Library

13 August 2015

Creating a search strategy


Planning a strategy before you actually start the task of searching for articles relevant to your assignment can be a good idea.... By Penny Presta.


Making plans before you go on holiday makes for a smooth trip (and is part of the fun). Planning before you start searching for your assignment is smart too. It can increase the relevance of search results and save you time (leaving more time for fun)! In the Library we call it ‘creating a search strategy’.

What is a search strategy?

A search strategy offers a systematic approach to searching for information. It involves following a few key steps to finding what you need. The good news is these steps are pretty much the same regardless of which assignment you are doing.

Identifying the key concepts

An essential part of starting your search is identifying the best subject terms and keywords. Start brainstorming keywords, followed by compiling a list of synonyms and related terms so that you know you have your topic covered.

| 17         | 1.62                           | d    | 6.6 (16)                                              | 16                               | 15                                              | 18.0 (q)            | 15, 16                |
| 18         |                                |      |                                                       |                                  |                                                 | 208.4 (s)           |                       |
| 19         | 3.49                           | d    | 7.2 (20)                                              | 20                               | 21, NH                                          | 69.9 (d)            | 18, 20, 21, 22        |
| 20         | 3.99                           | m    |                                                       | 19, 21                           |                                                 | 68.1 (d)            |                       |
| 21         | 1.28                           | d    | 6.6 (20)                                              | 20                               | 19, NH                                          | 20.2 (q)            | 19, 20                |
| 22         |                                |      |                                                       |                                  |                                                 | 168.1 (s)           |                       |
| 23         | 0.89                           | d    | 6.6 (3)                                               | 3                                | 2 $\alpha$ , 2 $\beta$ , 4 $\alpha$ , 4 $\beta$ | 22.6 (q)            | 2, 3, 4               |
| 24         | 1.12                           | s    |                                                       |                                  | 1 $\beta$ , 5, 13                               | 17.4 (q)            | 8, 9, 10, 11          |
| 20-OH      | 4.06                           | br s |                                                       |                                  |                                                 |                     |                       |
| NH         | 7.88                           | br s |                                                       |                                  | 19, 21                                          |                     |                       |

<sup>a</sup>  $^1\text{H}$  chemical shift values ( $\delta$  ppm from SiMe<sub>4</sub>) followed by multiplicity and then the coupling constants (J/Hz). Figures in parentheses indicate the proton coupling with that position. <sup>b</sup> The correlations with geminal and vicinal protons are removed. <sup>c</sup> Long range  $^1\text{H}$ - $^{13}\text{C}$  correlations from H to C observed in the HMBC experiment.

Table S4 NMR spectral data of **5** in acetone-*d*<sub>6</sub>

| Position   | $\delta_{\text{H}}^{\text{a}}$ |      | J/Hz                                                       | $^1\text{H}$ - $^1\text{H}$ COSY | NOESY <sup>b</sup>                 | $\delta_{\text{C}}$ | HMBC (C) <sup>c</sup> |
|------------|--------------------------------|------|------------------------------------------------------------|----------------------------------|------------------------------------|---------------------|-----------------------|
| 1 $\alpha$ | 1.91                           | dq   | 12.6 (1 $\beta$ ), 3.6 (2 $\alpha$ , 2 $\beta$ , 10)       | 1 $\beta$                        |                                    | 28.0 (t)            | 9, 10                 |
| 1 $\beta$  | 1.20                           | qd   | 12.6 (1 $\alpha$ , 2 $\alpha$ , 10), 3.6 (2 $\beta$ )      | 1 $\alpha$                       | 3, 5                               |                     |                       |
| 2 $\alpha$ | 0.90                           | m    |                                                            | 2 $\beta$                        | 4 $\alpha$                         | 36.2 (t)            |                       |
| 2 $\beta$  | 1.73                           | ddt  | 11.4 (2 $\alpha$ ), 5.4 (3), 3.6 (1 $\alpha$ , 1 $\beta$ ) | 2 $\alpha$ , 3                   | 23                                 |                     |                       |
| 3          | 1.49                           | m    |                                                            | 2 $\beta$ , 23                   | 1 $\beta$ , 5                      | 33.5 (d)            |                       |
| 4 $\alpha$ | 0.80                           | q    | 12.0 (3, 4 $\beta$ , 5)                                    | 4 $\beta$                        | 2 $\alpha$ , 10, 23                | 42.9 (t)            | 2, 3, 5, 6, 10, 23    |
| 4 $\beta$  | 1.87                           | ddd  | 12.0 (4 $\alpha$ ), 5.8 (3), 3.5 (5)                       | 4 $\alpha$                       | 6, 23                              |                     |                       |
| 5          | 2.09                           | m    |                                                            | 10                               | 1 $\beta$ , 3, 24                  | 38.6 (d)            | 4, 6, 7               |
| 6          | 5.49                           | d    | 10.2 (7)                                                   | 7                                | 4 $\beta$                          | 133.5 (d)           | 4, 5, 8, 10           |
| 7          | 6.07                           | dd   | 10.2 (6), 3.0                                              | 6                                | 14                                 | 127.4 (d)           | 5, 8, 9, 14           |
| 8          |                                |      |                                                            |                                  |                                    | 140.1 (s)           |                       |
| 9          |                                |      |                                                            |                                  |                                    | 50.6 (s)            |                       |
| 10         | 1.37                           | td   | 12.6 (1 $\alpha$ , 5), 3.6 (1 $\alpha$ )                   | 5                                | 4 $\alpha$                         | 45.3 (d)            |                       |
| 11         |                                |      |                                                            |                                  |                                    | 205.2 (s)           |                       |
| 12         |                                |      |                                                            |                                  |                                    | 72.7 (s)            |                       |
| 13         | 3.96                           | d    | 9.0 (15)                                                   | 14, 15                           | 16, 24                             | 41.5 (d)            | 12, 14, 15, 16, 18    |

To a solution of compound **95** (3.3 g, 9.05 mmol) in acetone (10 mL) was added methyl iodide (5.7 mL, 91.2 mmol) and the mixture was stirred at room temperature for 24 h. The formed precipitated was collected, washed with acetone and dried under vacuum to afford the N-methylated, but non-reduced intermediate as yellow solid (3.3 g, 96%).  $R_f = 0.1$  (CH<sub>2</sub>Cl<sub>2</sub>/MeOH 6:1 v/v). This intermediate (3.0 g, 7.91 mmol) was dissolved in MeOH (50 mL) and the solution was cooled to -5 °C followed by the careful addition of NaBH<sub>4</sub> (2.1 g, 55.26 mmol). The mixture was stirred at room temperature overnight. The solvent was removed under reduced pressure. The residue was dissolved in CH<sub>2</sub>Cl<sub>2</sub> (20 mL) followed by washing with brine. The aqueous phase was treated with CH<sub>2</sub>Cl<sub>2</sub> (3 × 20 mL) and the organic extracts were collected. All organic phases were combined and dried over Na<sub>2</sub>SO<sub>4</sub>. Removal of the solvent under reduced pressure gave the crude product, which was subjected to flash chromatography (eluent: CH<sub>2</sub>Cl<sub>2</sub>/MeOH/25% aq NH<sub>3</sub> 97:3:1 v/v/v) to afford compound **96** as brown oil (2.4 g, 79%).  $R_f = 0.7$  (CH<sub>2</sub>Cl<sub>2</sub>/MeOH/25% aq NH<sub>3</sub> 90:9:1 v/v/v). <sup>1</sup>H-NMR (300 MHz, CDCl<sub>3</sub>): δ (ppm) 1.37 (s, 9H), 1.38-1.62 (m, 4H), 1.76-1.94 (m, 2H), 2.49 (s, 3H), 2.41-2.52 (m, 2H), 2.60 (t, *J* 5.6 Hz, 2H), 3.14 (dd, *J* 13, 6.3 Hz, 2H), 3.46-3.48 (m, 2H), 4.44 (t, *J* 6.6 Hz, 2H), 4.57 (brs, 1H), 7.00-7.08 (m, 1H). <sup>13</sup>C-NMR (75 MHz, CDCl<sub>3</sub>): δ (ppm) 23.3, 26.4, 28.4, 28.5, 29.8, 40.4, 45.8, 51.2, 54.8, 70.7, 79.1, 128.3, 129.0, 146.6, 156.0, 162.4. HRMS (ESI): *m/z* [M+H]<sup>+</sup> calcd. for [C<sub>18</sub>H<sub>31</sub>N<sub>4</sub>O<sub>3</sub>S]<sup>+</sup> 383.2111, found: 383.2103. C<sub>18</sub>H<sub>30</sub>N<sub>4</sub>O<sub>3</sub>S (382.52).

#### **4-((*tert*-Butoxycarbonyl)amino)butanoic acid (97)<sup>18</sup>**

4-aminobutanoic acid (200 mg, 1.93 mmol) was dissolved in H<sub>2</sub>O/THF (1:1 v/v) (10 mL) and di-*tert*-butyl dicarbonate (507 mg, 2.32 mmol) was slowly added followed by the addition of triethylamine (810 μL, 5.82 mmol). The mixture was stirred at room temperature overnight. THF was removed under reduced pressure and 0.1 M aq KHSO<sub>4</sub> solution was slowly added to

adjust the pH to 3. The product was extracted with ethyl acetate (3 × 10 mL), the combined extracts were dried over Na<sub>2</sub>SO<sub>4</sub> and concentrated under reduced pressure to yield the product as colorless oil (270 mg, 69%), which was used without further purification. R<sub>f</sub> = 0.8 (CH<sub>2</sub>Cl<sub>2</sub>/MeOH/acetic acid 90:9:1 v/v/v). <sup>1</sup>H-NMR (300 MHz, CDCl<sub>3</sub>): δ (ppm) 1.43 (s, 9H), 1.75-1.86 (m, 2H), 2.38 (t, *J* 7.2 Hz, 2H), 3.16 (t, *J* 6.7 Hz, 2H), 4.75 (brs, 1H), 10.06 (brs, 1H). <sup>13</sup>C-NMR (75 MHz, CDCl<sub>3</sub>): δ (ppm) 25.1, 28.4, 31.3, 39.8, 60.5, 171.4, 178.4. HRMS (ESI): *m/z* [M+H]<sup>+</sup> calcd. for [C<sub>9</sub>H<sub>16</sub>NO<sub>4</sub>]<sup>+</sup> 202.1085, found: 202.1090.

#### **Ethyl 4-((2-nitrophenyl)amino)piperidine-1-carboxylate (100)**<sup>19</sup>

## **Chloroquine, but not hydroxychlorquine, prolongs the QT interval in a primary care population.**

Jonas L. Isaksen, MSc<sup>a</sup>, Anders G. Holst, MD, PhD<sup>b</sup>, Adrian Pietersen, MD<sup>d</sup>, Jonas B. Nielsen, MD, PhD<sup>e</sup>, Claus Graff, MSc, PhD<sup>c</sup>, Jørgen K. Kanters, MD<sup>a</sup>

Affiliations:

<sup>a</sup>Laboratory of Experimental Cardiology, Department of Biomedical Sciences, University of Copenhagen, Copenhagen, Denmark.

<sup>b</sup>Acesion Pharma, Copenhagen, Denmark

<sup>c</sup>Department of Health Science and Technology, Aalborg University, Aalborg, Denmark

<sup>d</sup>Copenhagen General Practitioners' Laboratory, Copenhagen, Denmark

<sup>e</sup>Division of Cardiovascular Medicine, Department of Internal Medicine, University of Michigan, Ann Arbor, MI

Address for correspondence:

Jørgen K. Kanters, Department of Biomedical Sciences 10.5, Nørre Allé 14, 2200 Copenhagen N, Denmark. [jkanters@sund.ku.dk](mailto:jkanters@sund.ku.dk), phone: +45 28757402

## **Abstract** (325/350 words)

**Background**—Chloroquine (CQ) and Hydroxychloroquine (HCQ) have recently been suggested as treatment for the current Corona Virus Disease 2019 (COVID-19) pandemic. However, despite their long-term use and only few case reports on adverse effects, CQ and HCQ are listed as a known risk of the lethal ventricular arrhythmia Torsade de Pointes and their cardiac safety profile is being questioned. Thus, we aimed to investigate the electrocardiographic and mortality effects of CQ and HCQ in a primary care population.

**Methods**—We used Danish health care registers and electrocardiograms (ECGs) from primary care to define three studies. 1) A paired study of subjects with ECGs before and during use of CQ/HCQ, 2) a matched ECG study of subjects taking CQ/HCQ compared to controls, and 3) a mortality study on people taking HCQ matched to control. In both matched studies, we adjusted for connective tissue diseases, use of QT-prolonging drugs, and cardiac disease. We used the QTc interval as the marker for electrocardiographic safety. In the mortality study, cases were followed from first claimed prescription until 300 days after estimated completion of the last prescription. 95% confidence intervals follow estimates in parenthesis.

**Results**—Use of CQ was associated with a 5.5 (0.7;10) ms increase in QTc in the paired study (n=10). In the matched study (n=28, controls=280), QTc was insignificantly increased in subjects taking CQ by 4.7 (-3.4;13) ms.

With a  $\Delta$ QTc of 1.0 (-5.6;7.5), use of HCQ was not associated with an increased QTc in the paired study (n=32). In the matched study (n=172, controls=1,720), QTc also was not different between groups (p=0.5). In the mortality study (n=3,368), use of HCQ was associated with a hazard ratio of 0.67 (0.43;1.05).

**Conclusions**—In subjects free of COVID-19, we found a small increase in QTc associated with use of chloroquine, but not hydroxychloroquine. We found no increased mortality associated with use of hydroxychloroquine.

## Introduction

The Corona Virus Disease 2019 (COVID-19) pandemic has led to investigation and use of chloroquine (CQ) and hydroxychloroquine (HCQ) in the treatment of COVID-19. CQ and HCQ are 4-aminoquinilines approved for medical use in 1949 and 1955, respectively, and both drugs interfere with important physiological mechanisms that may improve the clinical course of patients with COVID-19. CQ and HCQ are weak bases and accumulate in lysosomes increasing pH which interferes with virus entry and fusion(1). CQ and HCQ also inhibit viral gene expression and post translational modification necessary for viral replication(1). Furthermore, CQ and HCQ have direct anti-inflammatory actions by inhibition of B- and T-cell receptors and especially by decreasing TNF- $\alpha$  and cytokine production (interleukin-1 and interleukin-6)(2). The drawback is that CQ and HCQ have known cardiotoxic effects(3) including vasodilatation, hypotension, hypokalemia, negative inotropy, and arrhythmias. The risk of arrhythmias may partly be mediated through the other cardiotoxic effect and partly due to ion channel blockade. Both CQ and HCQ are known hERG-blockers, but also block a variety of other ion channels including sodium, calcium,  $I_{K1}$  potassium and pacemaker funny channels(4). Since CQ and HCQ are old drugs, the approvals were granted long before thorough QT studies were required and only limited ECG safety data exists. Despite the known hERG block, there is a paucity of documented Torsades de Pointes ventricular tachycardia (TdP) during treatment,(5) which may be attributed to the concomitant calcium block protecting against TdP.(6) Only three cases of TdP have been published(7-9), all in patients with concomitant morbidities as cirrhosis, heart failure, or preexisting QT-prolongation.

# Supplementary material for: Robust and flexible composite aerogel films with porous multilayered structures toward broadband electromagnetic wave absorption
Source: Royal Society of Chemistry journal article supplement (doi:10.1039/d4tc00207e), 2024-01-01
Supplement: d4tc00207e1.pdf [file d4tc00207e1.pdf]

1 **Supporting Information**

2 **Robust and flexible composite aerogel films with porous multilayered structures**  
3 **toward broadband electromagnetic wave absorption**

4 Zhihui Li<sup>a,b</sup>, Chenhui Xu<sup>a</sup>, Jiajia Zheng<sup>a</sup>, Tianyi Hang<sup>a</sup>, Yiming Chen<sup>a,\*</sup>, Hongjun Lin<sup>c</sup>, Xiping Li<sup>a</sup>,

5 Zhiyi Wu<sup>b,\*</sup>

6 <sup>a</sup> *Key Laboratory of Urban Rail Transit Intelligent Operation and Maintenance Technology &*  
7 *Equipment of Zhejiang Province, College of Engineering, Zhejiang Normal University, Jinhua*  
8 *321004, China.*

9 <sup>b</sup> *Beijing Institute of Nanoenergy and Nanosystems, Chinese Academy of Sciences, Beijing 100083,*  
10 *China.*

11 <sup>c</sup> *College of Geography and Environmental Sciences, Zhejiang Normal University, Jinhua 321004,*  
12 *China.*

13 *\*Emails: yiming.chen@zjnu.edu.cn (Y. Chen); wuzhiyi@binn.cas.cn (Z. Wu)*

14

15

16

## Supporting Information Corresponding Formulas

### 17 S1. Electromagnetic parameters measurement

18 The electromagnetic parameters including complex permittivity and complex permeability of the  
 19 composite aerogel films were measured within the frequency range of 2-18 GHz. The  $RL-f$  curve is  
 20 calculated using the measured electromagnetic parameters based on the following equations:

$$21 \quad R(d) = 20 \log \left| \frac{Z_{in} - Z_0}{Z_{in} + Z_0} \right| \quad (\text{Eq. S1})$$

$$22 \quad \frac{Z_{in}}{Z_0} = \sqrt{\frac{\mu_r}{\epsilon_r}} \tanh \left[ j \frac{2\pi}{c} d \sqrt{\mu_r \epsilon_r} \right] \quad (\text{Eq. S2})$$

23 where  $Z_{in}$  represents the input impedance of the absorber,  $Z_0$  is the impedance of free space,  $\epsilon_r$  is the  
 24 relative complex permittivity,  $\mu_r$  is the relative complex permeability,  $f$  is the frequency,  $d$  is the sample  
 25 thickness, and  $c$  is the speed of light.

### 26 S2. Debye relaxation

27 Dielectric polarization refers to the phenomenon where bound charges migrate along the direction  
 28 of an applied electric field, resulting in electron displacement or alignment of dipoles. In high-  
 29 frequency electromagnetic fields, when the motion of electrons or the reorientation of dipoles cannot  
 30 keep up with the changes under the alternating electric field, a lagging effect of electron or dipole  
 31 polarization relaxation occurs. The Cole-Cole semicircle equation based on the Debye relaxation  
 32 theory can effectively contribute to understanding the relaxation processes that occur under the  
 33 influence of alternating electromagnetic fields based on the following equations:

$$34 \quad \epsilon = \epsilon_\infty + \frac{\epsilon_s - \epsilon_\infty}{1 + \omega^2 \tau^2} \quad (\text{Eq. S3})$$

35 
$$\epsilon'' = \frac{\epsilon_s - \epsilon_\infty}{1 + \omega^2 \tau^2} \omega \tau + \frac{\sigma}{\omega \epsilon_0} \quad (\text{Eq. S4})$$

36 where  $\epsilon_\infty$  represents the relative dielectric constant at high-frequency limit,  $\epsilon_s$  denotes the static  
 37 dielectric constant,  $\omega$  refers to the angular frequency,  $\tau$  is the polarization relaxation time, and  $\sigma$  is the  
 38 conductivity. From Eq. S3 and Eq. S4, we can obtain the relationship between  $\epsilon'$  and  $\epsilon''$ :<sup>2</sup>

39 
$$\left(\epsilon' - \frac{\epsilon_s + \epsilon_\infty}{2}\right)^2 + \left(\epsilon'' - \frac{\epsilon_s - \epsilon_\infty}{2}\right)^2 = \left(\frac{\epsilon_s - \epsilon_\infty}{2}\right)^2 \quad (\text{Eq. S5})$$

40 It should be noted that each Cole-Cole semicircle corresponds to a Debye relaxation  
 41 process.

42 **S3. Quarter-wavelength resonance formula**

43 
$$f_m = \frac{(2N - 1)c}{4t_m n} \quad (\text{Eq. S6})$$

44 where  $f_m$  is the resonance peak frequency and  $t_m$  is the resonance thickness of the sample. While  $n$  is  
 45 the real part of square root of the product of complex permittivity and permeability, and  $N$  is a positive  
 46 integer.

Starting out with a broad search

Developing a search strategy is an evolving process. Generally you will start with a broad strategy and look at your initial search results, adjusting your terms as you go along. Your results can be refined by adding parameters to limit the search (such as articles published in the last 10 years or information types such as books and journal articles). 

As you progress in your search for academic materials you will begin to notice alternative subject terms and keywords in article abstracts and start using these for a different set of results.

Look through the Library’s interactive online module for the whole story.

Why bother?

Scholarly sources of information such as library databases don’t like sentences. They perform best with keyword combinations which will be the result of an effective search strategy. So if you’ve ever been overwhelmed by how to find the materials you need, maybe it’s time you adopted this systematic approach.

For assistance creating and refining search strategies, attend a drop-in at your branch’s Research & Learning point. Honours students, postgraduates and academic staff may make a one-on-one appointment with their subject librarian.

Image: CC licence Richard Lee






1 comment:

  1. Great article Penny - I love the analogy with planning a holiday. Clever!

    ReplyDelete




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